Mufti Baha-ud-din Farooqi, Ag. C.J.
1. The preliminary point arising for determination in this case is: Whether an appeal would lie against a conviction simpliciter, though no sentence has been passed? The events leading up to this question are these: The appellant was tried in the court of Sessions Judge, Rajour on a charge of kidnapping under Section 366, R. P.C. On consideration of the evidence, the court found the charge proved against him and convicted him accordingly. The court then deferred the case for hearing as regards the quantum of sentence as required under the amended Cr. P.C. But before such hearing could take place, the accused has come up in appeal against the order of conviction. The argument of the learned Counsel for the appellant is that the appeal as against conviction on a trial held by the Sessions Judge would be competent even though no sentence has been passed in the case. For this he relied upon Section 410 of the Cr. P.C. and the decisions in Shankar Sukul v. King, 1940-41 Cri LJ 877 : AIR 1940 Rang 223 and, Public Prosecutor v. Konduru Venkata Raju AIR 1962 Andh Pra 9 : 1962 (1) Cri LJ 9.
2. Section 410 of the Cr. P.C. provides:
Appeal from sentence of Court of Session Any person convicted on a trial held by a Sessions Judge, or an Additional Sessions Judge, may appeal to the High Court.
3. The marginal heading of this section which is a key to the interpretation of this section amply demonstrates that no appeal would lie against a mere conviction recorded by a Sessions Judge unless he has passed the sentence as well, To this interpretation support is lent by the fact that there is no provision in the Code - at least none was referred to -under which an appeal would be competent against the sentence passed in the case. Had the intention of the legislature been to confine the operation of this section to conviction simpliciter, then it would have necessarily made provision for appeal against the sentence passed subsequently, In the circumstances I am not impressed by the argument of the learned Counsel for the appellant that Section 410, Cr. P.C. is intended to apply to mere conviction though no sentence has been passed.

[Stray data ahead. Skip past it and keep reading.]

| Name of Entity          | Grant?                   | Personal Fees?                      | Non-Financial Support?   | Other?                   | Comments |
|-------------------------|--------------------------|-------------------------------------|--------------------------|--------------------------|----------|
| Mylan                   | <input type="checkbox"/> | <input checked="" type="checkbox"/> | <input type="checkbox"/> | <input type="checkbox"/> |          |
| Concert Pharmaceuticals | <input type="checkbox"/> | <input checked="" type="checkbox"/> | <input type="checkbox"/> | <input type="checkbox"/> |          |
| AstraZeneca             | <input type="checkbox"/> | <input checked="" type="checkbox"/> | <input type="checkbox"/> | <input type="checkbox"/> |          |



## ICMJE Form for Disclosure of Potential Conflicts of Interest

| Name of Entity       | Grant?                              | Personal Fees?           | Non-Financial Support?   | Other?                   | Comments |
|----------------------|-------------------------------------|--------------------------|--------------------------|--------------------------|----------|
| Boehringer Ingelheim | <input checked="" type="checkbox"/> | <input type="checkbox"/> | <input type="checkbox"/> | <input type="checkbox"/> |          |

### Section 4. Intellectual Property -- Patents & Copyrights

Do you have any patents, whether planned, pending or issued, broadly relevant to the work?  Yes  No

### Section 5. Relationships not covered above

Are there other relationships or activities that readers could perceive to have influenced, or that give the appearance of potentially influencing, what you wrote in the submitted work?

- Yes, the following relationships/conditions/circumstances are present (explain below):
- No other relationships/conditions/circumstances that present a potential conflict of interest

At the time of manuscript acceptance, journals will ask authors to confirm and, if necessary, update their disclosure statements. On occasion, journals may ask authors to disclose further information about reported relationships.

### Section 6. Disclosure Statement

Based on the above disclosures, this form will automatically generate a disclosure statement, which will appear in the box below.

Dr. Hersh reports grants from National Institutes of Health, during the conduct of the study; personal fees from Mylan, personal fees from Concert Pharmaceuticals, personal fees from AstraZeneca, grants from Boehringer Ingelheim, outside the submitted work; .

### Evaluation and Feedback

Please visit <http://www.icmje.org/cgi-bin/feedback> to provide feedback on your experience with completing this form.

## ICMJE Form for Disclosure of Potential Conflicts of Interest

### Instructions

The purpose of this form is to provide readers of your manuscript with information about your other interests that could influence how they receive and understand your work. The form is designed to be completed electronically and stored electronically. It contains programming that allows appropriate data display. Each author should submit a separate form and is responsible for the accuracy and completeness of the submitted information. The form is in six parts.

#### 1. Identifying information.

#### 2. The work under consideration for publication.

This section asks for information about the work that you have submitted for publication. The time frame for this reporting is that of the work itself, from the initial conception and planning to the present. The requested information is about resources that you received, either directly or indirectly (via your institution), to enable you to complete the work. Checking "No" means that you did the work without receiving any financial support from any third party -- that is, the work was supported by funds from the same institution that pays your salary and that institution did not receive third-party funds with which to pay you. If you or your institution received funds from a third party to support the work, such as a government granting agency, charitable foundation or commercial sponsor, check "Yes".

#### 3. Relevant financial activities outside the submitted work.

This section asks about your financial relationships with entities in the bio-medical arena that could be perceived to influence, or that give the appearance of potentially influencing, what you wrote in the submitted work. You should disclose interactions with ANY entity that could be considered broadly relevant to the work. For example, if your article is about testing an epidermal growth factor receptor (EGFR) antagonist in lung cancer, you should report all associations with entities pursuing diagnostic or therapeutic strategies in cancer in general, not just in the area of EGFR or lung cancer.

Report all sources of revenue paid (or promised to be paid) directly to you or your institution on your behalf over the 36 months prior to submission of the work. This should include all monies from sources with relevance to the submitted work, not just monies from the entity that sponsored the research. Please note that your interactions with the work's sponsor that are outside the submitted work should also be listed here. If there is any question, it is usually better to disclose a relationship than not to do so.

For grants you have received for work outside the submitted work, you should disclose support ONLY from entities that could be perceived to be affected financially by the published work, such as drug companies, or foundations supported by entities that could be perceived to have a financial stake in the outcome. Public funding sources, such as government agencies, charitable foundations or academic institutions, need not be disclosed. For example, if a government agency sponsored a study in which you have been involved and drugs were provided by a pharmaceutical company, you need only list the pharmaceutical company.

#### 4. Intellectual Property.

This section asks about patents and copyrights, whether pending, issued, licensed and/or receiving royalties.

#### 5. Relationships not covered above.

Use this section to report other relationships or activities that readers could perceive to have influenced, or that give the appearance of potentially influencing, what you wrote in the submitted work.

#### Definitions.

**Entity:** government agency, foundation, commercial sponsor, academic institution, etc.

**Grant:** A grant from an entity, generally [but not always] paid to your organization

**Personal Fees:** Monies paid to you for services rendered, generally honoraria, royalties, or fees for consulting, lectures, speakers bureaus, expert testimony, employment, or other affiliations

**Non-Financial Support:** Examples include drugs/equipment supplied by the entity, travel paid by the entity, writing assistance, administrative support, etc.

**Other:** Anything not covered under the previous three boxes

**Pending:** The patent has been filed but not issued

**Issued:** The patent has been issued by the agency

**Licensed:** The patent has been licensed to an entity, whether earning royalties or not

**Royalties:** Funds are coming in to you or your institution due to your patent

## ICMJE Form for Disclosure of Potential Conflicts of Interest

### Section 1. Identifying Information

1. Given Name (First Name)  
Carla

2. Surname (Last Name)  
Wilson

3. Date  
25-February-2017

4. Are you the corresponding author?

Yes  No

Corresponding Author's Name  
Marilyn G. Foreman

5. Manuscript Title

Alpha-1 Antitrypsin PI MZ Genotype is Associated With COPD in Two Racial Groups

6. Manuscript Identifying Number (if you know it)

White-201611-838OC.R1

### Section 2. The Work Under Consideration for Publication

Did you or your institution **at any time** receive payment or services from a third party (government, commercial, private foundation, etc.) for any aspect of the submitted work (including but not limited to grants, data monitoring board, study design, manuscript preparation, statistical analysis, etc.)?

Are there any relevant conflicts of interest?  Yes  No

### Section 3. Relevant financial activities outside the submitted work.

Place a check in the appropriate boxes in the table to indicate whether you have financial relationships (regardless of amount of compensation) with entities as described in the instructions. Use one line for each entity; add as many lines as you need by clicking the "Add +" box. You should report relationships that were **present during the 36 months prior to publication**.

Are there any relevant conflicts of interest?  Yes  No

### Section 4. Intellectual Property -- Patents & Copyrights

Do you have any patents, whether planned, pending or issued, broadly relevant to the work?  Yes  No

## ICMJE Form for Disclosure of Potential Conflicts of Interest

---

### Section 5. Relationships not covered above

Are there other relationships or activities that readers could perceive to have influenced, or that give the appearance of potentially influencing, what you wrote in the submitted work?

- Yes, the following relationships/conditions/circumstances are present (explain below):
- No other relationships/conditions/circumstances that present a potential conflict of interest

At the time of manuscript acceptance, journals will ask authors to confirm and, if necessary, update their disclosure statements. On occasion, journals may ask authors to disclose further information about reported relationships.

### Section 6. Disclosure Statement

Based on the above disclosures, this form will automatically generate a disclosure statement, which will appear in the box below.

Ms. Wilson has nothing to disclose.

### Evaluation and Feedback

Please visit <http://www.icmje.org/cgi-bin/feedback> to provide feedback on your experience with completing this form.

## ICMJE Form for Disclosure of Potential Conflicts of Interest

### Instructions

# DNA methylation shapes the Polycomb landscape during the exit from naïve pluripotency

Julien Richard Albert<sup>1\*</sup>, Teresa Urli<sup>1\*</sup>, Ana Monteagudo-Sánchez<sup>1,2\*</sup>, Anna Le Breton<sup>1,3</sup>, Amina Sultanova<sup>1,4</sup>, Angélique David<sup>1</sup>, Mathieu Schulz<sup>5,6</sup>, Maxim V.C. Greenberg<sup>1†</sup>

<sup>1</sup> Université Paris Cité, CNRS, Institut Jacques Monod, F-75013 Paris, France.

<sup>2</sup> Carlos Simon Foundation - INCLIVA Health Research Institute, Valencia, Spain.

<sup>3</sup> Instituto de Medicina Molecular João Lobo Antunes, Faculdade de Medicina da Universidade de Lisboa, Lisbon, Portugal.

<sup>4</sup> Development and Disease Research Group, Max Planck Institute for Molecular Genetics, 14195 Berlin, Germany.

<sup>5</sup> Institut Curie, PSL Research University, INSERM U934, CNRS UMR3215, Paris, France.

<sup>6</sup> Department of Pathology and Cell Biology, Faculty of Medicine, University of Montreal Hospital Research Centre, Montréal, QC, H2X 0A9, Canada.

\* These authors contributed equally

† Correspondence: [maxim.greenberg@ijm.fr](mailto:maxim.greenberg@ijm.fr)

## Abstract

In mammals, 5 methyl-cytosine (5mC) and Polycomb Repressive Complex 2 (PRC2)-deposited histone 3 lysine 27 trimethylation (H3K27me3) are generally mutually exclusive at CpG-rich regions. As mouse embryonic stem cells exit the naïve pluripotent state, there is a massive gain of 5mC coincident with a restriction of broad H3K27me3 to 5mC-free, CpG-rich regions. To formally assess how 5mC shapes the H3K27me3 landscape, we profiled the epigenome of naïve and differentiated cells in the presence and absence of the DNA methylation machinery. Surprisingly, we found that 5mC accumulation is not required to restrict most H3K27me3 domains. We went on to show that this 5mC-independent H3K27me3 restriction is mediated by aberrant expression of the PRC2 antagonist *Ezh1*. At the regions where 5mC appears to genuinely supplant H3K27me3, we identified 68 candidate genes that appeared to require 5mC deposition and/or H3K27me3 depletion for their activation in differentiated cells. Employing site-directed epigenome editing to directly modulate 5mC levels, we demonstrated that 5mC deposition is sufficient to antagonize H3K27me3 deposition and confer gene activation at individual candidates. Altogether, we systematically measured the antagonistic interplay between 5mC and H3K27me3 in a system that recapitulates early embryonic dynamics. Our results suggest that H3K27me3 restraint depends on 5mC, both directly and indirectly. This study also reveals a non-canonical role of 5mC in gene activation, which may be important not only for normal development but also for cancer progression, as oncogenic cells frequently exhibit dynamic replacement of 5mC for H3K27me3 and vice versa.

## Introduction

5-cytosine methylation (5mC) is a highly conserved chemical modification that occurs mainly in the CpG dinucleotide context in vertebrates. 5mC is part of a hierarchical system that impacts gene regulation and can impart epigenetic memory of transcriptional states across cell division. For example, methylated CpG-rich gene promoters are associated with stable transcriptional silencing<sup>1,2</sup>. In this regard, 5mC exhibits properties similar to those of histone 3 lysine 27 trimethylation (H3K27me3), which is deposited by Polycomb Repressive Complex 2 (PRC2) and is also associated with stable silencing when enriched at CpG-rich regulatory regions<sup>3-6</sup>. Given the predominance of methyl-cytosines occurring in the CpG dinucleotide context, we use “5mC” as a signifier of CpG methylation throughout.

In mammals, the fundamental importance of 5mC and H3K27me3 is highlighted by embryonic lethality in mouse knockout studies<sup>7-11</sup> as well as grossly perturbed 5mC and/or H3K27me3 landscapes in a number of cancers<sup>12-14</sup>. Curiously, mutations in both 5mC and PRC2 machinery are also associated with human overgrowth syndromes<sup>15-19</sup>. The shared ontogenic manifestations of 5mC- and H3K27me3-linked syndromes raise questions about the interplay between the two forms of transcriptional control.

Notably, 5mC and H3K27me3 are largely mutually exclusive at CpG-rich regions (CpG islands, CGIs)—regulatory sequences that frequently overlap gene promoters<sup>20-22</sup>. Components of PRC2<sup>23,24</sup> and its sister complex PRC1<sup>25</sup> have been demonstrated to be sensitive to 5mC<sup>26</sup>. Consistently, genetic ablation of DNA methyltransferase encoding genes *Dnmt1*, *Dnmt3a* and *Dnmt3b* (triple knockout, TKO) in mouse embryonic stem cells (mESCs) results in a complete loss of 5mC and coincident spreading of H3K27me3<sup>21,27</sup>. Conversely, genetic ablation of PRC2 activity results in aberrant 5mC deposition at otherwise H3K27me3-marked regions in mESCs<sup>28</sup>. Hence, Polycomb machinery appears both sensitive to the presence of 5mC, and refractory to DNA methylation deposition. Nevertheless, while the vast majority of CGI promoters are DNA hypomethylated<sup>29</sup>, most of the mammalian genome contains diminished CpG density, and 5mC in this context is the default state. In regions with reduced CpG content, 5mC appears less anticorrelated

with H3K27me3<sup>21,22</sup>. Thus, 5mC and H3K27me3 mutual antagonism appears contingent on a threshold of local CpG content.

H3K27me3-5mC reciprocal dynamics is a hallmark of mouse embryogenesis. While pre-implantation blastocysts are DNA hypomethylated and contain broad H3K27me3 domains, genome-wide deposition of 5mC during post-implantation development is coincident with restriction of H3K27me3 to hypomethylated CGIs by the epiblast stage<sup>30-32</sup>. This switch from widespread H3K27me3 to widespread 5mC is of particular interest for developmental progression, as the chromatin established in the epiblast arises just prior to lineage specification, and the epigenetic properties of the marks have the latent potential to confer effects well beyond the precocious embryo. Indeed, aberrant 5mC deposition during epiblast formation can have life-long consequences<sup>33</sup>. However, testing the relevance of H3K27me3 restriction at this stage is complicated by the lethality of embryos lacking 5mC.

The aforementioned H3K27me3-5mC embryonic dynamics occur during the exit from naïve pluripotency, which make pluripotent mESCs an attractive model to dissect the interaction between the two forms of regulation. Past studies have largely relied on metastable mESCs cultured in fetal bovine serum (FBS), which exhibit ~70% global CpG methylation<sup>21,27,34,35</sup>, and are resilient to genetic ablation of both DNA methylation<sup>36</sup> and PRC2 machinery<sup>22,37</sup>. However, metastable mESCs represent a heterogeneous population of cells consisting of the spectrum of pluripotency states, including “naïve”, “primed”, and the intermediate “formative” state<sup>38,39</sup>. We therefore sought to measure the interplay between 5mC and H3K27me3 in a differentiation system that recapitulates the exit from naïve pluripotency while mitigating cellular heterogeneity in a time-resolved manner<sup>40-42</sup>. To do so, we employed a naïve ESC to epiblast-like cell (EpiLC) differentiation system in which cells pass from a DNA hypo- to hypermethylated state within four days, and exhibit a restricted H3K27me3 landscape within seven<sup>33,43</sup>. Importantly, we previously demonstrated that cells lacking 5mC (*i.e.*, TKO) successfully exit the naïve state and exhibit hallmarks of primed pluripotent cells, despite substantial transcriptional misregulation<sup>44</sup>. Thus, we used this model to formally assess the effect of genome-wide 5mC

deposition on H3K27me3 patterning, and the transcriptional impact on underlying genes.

4. The decisions relied upon by him are based upon Section 408 and are distinguishable in the present case. In the case of Shankar Sukul 1940-41 Cri LJ 877 the question that arose was whether Section 408 gives a right to appeal immediately as the conviction is recorded and the accused instead of being sentenced is bound over under Section 562, Cr. P.C. The court held that an appeal would be competent against the conviction without waiting for the subsequent sentence if any. Here the accused has not been bound over under Section 562, Cr. P. C and consequently it has no application to it. In the case of Venkata Raju 1962 (1) Cri LJ 9 again the question involved was whether an appeal would lie against a preliminary conviction by a Magistrate who is not competent to act under Section 562(1), Cr. P.C. and as such forwards the case to a Magistrate who is competent to do so. The court found the question in the affirmative. Surely this is not the point arising in this case and as such the decision has no application to the present case.
5. The result therefore is that the present appeal is not competent and it is dismissed accordingly.